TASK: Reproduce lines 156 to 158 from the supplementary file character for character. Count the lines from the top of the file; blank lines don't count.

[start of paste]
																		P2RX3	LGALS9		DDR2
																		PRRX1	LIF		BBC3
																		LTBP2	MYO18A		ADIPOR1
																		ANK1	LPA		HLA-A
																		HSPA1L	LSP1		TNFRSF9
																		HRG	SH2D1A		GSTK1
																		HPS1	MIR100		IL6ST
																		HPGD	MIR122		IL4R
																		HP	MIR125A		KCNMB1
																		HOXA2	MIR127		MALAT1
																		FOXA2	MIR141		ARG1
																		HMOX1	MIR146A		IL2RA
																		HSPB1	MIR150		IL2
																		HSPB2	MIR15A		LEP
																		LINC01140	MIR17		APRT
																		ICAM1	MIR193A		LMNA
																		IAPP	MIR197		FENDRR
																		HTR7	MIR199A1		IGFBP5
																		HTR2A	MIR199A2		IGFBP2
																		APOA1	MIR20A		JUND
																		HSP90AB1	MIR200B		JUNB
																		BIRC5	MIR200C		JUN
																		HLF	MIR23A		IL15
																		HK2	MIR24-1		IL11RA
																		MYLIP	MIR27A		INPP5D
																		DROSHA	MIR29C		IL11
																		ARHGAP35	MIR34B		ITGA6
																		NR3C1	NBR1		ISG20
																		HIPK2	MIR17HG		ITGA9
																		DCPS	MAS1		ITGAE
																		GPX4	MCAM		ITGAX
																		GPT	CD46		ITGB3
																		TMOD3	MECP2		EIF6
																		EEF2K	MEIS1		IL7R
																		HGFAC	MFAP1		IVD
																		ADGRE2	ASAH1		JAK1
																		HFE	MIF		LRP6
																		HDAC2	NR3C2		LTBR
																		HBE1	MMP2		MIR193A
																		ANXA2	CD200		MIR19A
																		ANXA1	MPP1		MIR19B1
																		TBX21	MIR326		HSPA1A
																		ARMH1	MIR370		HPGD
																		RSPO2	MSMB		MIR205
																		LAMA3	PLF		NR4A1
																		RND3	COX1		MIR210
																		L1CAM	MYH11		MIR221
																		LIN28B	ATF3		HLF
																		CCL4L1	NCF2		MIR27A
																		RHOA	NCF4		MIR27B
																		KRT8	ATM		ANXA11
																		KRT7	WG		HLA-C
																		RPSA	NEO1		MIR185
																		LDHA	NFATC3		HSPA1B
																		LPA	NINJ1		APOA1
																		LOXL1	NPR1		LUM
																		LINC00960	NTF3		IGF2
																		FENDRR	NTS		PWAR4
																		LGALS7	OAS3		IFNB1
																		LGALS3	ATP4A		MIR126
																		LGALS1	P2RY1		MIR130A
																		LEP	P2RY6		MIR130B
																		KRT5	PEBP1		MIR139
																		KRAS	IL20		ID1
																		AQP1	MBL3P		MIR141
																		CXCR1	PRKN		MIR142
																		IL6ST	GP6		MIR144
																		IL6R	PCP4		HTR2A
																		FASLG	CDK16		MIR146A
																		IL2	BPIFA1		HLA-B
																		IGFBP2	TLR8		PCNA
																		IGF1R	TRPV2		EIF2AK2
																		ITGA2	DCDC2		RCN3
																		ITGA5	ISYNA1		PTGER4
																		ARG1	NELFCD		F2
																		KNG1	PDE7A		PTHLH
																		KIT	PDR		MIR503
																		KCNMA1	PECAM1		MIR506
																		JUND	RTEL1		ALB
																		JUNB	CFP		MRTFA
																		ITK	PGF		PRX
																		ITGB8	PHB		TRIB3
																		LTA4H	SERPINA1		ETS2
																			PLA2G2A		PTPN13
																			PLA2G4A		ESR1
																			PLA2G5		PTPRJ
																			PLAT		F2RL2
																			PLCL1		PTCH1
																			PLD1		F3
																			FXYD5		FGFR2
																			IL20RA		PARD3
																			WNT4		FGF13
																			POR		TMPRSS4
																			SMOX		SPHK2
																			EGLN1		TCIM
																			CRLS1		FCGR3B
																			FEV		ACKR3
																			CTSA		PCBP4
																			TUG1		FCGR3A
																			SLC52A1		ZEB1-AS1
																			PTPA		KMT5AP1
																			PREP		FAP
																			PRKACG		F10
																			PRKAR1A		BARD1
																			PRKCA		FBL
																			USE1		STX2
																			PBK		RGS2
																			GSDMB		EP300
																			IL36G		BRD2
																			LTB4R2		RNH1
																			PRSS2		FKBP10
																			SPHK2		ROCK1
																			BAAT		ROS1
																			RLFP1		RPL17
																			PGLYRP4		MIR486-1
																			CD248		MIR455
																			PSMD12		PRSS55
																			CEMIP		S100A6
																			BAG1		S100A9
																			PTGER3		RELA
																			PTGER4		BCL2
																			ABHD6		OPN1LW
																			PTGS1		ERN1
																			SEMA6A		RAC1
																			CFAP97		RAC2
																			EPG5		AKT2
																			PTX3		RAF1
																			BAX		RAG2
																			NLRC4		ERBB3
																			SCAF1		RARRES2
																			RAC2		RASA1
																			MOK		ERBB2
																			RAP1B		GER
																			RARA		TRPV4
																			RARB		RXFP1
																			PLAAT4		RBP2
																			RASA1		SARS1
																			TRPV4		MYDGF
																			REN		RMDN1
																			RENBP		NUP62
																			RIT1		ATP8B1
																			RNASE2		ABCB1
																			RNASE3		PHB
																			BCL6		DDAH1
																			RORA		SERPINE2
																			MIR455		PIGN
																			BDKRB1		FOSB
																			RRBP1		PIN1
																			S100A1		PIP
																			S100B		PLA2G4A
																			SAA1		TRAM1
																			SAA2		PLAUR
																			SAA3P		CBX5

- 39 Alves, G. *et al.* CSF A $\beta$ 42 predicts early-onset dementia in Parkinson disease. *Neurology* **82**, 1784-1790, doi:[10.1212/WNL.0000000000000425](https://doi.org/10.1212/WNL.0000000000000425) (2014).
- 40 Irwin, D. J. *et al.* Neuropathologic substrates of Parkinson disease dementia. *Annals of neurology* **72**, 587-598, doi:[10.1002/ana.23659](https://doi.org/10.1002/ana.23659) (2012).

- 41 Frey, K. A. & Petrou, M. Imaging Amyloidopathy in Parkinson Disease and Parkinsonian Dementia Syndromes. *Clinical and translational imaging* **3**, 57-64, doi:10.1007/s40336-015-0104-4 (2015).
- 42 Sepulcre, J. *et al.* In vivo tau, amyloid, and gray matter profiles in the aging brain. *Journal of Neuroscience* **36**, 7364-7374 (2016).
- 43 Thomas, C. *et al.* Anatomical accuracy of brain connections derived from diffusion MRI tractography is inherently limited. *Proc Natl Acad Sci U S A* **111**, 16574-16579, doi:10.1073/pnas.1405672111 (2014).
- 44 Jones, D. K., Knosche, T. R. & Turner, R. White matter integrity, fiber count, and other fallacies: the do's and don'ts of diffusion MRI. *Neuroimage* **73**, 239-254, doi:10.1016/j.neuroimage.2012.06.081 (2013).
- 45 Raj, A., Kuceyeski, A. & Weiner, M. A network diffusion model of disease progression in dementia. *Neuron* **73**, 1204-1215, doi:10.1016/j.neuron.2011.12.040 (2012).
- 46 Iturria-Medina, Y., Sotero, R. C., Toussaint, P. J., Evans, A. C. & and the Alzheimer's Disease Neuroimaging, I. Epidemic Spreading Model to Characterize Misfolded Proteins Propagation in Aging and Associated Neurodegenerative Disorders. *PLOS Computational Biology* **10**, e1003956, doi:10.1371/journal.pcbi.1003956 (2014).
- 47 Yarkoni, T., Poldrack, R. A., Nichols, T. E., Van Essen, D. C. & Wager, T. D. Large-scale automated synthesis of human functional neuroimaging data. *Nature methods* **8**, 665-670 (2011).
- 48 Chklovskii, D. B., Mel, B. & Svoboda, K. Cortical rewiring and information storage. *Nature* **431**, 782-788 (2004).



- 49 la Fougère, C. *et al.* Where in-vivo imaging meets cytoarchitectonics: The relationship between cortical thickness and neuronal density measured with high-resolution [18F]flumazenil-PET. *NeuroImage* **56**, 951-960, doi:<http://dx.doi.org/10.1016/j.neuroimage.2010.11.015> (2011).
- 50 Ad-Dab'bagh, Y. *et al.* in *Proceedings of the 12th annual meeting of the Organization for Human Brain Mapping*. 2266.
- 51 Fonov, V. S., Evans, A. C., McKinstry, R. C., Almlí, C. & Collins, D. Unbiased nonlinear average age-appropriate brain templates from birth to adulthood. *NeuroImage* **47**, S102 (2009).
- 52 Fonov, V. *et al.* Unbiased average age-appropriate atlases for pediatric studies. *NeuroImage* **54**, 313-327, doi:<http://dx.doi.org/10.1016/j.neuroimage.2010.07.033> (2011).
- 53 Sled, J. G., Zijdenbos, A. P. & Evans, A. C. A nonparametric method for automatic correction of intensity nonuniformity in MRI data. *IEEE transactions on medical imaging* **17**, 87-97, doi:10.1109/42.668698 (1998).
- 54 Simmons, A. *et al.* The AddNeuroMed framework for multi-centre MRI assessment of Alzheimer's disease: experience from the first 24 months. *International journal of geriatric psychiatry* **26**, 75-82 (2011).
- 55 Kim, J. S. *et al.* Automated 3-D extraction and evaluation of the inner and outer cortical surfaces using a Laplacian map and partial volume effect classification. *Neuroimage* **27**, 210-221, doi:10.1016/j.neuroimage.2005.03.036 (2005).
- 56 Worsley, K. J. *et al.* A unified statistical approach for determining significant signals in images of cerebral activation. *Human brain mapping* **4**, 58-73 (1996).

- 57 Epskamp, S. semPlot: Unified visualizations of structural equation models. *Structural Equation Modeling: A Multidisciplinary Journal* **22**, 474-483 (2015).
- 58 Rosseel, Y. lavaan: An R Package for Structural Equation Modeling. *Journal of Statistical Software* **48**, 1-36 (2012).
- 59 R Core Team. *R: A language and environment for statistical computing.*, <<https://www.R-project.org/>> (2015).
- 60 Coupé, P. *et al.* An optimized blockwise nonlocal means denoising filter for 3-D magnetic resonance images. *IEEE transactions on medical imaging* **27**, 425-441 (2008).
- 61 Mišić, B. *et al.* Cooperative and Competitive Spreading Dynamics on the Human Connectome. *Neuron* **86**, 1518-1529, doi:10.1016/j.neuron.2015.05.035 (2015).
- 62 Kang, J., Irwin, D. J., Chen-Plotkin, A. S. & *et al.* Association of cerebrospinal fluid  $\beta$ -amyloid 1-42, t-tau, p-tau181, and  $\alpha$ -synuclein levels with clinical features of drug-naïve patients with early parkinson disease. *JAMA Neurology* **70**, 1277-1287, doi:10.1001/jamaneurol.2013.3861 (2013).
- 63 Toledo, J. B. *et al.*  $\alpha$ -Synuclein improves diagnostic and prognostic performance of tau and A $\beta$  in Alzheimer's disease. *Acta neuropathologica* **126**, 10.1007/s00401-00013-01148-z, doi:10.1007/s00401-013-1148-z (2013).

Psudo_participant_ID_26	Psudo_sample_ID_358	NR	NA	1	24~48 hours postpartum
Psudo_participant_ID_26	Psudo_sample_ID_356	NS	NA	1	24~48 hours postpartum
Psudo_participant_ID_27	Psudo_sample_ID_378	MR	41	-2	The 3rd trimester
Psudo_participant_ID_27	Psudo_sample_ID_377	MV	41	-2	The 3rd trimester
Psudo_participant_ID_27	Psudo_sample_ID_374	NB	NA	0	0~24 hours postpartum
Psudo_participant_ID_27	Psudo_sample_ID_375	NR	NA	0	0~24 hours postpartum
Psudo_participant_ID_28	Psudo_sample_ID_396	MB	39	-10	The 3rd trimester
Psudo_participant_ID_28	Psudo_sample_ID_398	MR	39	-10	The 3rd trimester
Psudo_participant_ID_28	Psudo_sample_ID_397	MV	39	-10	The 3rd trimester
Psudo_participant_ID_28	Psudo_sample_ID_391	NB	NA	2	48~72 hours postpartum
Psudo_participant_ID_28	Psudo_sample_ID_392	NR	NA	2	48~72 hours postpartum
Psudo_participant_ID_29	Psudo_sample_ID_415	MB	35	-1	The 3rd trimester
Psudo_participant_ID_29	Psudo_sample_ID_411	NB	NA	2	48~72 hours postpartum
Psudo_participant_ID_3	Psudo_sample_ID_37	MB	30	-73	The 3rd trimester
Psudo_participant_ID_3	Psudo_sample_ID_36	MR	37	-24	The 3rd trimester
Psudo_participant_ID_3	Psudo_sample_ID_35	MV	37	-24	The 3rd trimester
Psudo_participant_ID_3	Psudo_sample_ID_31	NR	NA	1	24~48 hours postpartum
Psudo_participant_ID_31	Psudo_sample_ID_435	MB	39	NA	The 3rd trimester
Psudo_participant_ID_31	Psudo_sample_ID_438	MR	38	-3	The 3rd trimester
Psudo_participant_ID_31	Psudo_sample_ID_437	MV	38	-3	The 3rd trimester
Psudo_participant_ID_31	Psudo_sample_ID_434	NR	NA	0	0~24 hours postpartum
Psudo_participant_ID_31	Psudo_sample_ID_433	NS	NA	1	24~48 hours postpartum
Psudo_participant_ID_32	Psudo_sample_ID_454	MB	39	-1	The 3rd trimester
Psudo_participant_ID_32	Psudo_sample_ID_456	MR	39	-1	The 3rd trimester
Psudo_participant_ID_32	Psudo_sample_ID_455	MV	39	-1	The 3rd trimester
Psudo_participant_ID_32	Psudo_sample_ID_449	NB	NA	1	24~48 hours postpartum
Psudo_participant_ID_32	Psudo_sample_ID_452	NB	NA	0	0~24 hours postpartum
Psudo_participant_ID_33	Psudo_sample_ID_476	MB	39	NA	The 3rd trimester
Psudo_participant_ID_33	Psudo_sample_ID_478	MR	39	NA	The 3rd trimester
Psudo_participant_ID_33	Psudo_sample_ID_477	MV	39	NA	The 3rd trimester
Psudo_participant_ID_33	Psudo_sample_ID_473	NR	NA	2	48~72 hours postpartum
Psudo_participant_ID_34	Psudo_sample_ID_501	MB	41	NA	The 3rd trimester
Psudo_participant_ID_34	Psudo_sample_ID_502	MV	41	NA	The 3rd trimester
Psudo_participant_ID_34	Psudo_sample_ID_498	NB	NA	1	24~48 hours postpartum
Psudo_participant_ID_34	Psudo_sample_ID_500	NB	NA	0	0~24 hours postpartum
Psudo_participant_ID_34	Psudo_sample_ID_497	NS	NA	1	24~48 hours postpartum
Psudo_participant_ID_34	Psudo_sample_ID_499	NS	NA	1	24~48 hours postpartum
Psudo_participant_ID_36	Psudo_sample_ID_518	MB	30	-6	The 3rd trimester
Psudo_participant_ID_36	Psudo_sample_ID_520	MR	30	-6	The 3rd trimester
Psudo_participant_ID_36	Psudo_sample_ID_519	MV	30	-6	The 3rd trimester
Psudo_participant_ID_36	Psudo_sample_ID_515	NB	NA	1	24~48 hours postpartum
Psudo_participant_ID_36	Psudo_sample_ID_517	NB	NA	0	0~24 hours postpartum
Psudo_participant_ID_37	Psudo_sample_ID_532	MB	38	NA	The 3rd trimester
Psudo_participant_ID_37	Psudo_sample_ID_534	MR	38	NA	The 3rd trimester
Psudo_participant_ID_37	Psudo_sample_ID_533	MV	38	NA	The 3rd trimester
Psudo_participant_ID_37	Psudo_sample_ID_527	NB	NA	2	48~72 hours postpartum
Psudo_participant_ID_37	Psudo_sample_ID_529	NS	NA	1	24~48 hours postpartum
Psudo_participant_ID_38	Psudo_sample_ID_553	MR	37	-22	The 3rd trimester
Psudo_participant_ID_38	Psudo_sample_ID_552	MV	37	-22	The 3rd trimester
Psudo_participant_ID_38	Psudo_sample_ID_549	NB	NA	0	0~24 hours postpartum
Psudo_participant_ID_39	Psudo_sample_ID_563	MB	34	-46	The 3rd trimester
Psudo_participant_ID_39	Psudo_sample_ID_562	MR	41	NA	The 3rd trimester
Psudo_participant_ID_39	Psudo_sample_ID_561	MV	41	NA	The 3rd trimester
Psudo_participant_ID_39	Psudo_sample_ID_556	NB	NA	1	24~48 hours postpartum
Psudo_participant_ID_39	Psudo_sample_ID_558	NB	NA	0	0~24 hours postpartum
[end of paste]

- 41 Frey, K. A. & Petrou, M. Imaging Amyloidopathy in Parkinson Disease and Parkinsonian Dementia Syndromes. *Clinical and translational imaging* **3**, 57-64, doi:10.1007/s40336-015-0104-4 (2015).
- 42 Sepulcre, J. *et al.* In vivo tau, amyloid, and gray matter profiles in the aging brain. *Journal of Neuroscience* **36**, 7364-7374 (2016).
- 43 Thomas, C. *et al.* Anatomical accuracy of brain connections derived from diffusion MRI tractography is inherently limited. *Proc Natl Acad Sci U S A* **111**, 16574-16579, doi:10.1073/pnas.1405672111 (2014).